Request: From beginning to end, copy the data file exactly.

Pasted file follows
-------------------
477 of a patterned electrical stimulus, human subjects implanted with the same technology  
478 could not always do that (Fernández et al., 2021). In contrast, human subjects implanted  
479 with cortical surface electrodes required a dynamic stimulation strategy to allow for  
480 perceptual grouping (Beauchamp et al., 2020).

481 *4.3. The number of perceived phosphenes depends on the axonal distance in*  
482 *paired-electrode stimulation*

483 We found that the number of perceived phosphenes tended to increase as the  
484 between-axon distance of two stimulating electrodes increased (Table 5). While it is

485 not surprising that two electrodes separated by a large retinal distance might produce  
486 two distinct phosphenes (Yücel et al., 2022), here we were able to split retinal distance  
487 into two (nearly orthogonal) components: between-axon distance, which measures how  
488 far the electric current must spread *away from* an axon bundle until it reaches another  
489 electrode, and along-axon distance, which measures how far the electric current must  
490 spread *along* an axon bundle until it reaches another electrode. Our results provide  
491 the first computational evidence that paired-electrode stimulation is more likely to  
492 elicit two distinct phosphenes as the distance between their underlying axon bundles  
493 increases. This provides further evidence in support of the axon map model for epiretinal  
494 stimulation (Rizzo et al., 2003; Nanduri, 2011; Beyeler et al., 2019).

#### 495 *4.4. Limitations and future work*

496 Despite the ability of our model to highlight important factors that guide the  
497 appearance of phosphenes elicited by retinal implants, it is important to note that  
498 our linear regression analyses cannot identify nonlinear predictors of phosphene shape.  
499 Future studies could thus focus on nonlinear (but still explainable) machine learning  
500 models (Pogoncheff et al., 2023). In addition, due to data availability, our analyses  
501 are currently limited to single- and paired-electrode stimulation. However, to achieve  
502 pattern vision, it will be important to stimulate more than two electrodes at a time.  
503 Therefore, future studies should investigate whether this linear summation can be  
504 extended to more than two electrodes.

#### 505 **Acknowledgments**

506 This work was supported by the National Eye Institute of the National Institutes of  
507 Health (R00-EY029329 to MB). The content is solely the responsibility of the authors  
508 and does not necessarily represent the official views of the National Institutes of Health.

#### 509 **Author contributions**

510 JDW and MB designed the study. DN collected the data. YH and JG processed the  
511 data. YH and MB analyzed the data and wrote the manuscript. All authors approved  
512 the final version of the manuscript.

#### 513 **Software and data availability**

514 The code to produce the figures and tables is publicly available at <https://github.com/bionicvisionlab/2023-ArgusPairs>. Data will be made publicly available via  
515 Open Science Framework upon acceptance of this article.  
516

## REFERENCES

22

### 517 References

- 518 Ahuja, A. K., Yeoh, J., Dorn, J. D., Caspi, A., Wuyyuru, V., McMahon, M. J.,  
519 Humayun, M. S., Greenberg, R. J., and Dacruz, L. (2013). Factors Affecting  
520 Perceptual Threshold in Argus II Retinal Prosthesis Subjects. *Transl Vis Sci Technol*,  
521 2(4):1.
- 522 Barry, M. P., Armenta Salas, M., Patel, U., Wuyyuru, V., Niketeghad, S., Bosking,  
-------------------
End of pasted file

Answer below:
477 of a patterned electrical stimulus, human subjects implanted with the same technology  
478 could not always do that (Fernández et al., 2021). In contrast, human subjects implanted  
479 with cortical surface electrodes required a dynamic stimulation strategy to allow for  
480 perceptual grouping (Beauchamp et al., 2020).

481 *4.3. The number of perceived phosphenes depends on the axonal distance in*  
482 *paired-electrode stimulation*

483 We found that the number of perceived phosphenes tended to increase as the  
484 between-axon distance of two stimulating electrodes increased (Table 5). While it is

485 not surprising that two electrodes separated by a large retinal distance might produce  
486 two distinct phosphenes (Yücel et al., 2022), here we were able to split retinal distance  
487 into two (nearly orthogonal) components: between-axon distance, which measures how  
488 far the electric current must spread *away from* an axon bundle until it reaches another  
489 electrode, and along-axon distance, which measures how far the electric current must  
490 spread *along* an axon bundle until it reaches another electrode. Our results provide  
491 the first computational evidence that paired-electrode stimulation is more likely to  
492 elicit two distinct phosphenes as the distance between their underlying axon bundles  
493 increases. This provides further evidence in support of the axon map model for epiretinal  
494 stimulation (Rizzo et al., 2003; Nanduri, 2011; Beyeler et al., 2019).

#### 495 *4.4. Limitations and future work*

496 Despite the ability of our model to highlight important factors that guide the  
497 appearance of phosphenes elicited by retinal implants, it is important to note that  
498 our linear regression analyses cannot identify nonlinear predictors of phosphene shape.  
499 Future studies could thus focus on nonlinear (but still explainable) machine learning  
500 models (Pogoncheff et al., 2023). In addition, due to data availability, our analyses  
501 are currently limited to single- and paired-electrode stimulation. However, to achieve  
502 pattern vision, it will be important to stimulate more than two electrodes at a time.  
503 Therefore, future studies should investigate whether this linear summation can be  
504 extended to more than two electrodes.

#### 505 **Acknowledgments**

506 This work was supported by the National Eye Institute of the National Institutes of  
507 Health (R00-EY029329 to MB). The content is solely the responsibility of the authors  
508 and does not necessarily represent the official views of the National Institutes of Health.

#### 509 **Author contributions**

510 JDW and MB designed the study. DN collected the data. YH and JG processed the  
511 data. YH and MB analyzed the data and wrote the manuscript. All authors approved  
512 the final version of the manuscript.

#### 513 **Software and data availability**

514 The code to produce the figures and tables is publicly available at <https://github.com/bionicvisionlab/2023-ArgusPairs>. Data will be made publicly available via  
515 Open Science Framework upon acceptance of this article.  
516

## REFERENCES

22

### 517 References

- 518 Ahuja, A. K., Yeoh, J., Dorn, J. D., Caspi, A., Wuyyuru, V., McMahon, M. J.,  
519 Humayun, M. S., Greenberg, R. J., and Dacruz, L. (2013). Factors Affecting  
520 Perceptual Threshold in Argus II Retinal Prosthesis Subjects. *Transl Vis Sci Technol*,  
521 2(4):1.
- 522 Barry, M. P., Armenta Salas, M., Patel, U., Wuyyuru, V., Niketeghad, S., Bosking,  